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Artist Corner – An Everest Expedition – Christopher Sutton

Myself checking the assembled ride vehicles near the final stages

Prop making can cover all kinds of endless areas, from full size costume pieces such as one of Iron Man suits, to Harrods window displays of giant bubbles and the like, right the way to miniatures such as ships used for shots in the Pirates of the carribean films. My next project will involve the latter area as I was tasked to create a range of miniature Exhibition Everest ride vehicles as seen in Disney’s Animal Kingdom at a 1:20 scale. The incredible designers and builders behind any Disney attraction are known by the justifiably exciting title of ‘Imagineers’. These people being some of my greatest inspirations, I was naturally thrilled to have some small involvement in what they do.

Immediately before starting this project I actually invested in a Laser Cutter, which allows me to cut, score and etch any number of materials in a fraction of the time with the added bonus of there being a very exciting and dangerous laser involved! This tool was perfect for the Everest project as once I had carefully researched and constructed detailed plans of the vehicles, I was able to put together detailed schematics which I then file transferred to be cut in 3mm and 1mm pieces after several runs. This covered most of the pieces and I was able to stick together with a poly cement, but there were still many more to come.

I should probably mention that since I aimed to make these models en masse, I would essentially be producing one prototype which I could then go on to reproduce through moulding and casting. When you come to mould parts, it is important to avoid things called ‘locking points’, but in human means you need to avoid having any areas that will be hard to release from the mould once you have cast it. Because of this I had to construct a lot of parts separately in a variety of moulds, such as the chairs so as not to encounter this problem. To make what is essentially a ‘boiler’ at the back of the train/car ride vehicle, I turned it in two parts on the lathe out of an ideal prototyping medium known as Chemi-wood as once finely sanded it takes on a smooth plastic like finish.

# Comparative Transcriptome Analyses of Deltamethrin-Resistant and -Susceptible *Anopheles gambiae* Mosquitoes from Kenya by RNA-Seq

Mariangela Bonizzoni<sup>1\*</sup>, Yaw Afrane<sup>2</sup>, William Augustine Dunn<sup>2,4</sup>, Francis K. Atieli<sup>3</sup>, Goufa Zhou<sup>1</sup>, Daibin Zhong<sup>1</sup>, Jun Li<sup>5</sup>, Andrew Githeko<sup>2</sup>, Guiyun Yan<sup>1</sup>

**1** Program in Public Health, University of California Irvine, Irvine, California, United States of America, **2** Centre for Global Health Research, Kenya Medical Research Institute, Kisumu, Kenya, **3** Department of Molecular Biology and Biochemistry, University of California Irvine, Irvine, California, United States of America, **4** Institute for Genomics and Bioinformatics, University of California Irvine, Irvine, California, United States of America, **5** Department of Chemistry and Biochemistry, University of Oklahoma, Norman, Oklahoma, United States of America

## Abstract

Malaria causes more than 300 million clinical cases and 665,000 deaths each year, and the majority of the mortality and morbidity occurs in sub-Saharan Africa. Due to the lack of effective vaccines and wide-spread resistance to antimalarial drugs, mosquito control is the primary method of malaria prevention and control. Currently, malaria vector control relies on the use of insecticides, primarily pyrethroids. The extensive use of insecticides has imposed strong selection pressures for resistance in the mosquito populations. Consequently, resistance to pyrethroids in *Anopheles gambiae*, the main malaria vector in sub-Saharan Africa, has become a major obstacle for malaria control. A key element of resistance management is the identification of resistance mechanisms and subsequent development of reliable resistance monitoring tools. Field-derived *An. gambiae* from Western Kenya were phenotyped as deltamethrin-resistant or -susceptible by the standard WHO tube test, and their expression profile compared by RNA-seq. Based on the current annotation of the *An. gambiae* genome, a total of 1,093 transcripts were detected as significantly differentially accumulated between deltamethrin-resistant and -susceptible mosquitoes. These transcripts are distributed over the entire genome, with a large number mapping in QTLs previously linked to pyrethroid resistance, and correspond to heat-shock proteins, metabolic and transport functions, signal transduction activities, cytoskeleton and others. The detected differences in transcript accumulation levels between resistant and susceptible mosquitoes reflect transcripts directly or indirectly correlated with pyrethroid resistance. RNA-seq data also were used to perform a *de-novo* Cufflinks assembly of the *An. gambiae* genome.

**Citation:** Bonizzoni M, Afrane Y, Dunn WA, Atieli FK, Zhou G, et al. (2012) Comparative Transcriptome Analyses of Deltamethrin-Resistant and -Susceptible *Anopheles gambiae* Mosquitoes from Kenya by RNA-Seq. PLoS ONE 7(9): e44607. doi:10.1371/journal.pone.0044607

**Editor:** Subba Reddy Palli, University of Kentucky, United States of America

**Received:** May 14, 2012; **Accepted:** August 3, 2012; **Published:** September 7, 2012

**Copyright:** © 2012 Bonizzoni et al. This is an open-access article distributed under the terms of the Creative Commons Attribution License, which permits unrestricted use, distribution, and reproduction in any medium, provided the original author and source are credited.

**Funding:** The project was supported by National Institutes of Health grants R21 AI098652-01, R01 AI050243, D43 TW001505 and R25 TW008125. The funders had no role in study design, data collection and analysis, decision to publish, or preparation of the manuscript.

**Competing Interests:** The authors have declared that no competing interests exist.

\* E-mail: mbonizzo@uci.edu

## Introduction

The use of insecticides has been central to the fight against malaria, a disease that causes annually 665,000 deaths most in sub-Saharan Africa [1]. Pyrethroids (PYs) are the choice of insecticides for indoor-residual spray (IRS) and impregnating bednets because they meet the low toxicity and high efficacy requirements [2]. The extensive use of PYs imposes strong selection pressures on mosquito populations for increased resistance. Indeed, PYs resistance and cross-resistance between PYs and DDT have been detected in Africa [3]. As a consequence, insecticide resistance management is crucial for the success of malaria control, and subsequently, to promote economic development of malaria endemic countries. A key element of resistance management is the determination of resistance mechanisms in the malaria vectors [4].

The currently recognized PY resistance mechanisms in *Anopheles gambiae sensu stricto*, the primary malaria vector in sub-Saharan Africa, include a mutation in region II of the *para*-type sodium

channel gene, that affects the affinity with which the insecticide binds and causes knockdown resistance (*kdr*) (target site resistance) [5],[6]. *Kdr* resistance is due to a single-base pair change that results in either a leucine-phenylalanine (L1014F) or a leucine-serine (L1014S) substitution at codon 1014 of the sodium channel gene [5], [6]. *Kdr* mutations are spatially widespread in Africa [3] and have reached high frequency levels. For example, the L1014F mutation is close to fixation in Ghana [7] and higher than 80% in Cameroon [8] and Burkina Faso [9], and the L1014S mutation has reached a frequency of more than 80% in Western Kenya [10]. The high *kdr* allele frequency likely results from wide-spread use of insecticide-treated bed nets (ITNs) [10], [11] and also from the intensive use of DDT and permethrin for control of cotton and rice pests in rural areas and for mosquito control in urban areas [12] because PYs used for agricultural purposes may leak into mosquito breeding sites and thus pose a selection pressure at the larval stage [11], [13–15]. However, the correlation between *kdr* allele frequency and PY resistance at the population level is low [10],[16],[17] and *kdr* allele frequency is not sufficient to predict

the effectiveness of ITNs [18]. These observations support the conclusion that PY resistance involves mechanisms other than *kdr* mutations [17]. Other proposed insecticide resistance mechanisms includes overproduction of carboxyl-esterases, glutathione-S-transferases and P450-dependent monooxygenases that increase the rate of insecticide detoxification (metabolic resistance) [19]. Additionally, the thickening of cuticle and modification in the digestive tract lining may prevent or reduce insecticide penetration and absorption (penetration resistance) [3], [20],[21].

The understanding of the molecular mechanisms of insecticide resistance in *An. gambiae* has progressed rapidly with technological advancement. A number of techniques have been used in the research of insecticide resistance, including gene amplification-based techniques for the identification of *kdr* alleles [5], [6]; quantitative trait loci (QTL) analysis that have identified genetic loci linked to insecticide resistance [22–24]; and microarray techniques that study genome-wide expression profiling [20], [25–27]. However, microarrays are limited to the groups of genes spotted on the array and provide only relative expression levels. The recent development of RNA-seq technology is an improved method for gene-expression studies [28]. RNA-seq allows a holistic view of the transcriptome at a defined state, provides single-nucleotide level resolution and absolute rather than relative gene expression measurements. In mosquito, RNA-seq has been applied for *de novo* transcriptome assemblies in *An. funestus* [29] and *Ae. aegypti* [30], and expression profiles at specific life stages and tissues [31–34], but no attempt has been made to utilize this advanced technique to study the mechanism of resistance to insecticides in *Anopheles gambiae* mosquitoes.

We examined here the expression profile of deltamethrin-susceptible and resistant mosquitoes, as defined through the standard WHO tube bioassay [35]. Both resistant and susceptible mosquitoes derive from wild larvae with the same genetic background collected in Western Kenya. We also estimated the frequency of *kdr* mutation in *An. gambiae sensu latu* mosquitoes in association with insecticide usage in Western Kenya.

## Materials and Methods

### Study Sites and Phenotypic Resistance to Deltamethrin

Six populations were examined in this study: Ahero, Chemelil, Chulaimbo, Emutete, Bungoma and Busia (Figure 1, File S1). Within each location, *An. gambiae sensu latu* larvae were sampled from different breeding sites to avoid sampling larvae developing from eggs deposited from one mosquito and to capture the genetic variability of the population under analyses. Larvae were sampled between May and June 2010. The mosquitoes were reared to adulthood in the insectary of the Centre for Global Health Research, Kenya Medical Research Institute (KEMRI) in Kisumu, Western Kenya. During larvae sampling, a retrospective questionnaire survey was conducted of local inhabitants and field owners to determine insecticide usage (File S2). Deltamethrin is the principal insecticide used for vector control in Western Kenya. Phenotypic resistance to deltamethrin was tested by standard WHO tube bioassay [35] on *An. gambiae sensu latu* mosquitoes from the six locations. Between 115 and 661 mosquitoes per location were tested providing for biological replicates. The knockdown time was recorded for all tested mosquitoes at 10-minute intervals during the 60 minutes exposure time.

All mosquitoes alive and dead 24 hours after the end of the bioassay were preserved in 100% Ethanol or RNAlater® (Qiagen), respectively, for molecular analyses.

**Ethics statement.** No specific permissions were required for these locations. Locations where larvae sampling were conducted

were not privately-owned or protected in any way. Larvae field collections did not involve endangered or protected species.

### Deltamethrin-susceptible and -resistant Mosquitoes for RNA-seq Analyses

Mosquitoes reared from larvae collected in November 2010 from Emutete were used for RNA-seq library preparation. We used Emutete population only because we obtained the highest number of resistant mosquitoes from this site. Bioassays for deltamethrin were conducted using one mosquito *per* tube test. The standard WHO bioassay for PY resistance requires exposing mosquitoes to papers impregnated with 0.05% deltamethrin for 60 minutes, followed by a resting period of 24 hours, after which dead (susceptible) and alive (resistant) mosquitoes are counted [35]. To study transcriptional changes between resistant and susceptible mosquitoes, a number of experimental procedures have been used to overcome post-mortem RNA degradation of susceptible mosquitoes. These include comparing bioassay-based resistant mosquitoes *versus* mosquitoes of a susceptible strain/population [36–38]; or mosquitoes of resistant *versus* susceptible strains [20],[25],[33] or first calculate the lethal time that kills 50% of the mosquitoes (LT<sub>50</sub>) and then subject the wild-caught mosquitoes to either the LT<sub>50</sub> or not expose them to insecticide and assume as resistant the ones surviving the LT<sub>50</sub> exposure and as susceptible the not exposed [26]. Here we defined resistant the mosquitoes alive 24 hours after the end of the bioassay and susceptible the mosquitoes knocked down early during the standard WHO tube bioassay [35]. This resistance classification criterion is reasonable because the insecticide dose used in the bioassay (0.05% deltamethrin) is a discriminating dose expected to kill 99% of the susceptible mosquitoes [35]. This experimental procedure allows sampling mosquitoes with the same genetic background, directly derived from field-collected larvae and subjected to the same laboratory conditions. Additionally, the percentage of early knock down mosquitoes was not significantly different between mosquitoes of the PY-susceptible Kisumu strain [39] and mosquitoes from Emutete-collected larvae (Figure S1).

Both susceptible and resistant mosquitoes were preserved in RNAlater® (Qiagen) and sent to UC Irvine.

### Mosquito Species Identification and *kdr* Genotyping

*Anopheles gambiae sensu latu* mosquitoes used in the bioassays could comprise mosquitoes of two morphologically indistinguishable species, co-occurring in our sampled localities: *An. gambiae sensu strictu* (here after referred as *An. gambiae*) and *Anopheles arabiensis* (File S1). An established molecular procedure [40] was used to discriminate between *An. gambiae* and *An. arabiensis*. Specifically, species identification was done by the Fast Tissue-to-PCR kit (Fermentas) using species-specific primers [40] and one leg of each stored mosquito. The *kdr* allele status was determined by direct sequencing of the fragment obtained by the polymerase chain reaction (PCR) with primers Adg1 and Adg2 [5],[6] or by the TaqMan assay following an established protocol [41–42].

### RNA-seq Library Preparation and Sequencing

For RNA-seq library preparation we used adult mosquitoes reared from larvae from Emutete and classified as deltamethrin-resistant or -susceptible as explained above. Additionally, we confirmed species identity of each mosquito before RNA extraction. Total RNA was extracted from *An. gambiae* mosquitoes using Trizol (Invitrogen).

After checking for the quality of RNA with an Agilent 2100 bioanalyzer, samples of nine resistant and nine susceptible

The assembled ride vehicles nearing the final weathering stages

At this point having also hand made a few other small parts that I wished to replicate, it was now time to prep for moulding. The moulding refers to what in my case will be silicone that surrounds the piece we wish to duplicate and casting refers to the product you get from the use of the mould, i.e. the resin I will be pouring in to make more parts. I secured the parts separately on a mould board, grouped in some cases by size,that would allow me to cast several items in a shared mould whilst not wasting any material, I glued together thick card boxes around each of these. Next came the silicone pouring, which once mixed carefully and weighed out, I filled in all the boxes. For the main car, not including seats, I did what’s know as a ‘pour’ or ‘detail coat’ that essentially is a thin layer pasted over the model’s entirety, meant only to capture the detail and not actually any real rigidity. If you were to de-mould at this point, the skin like membrane wouldn’t have any form to speak of and therefore hold its shape, it’s only meant to capture the detail. Once dried I then mixed up another batch of silicone, but this time adding in an agent known as Thixotrope, which can be used to add more viscosity to the mixture and be pasted over the top of the previous stage; picture butter in terms of thickness. I wanted to get this nice and smooth to avoid those pesky locking points.

The main reason for using the Thixo method is to save on silicone, the only downside is to keep its shape it is recommended to make what’s known as a hard jacket to surround to hold its shape, in my case I used fibreglass.

Cast resin parts fresh out of the mounds

Once this was all dry I removed my original pieces and was left with lovely clean and crisp moulds, I was then able to repeatedly pour in fast cast resin, giving me a series of very satisfying ride vehicles ready for fixing together and painting. I also made many small parts out of wire, including lap restraints, safety bars and various piping around the boiler. After a coat of primer, a blend of painting and a dash of airbrushing, it is fair to say the work was looking quite appetising, I also used various dry brushing techniques in order to create the rust and general wear. One thing I actually noticed with the original trains is that the seats were in immaculate condition, probably an effort to avoid the public seeing the ride as genuinely old and dangerous as the story of the ride implies; Disney always strives for comfort and a luxury feel to their rides. The final step of the build was the carriages and wheels which I wanted to be more understated and therefore cut in glossy black acrylic to almost act as a display stand for the detailed top portion.

It was a real pleasure to work on these model replicas and I hope to make many more in the future, a link to my Etsy is below. In the future it would be great to work on a range of other Disney ride vehicles as I find them wonderfully varied and lend themselves well to model making. Being a prop maker you never quite know what the next job will be and what exciting field I may have to delve into next. If anyone wishes to enquire, please feel free to get in touch about any project, it’s always a pleasure to hear anyone’s ideas.

Etsy: www.workshoplagoon.etsy.com
Instagram: christopher_sutton_props
Website: www.christophersuttonprops.com
Email:
Phone number: 07412 159179

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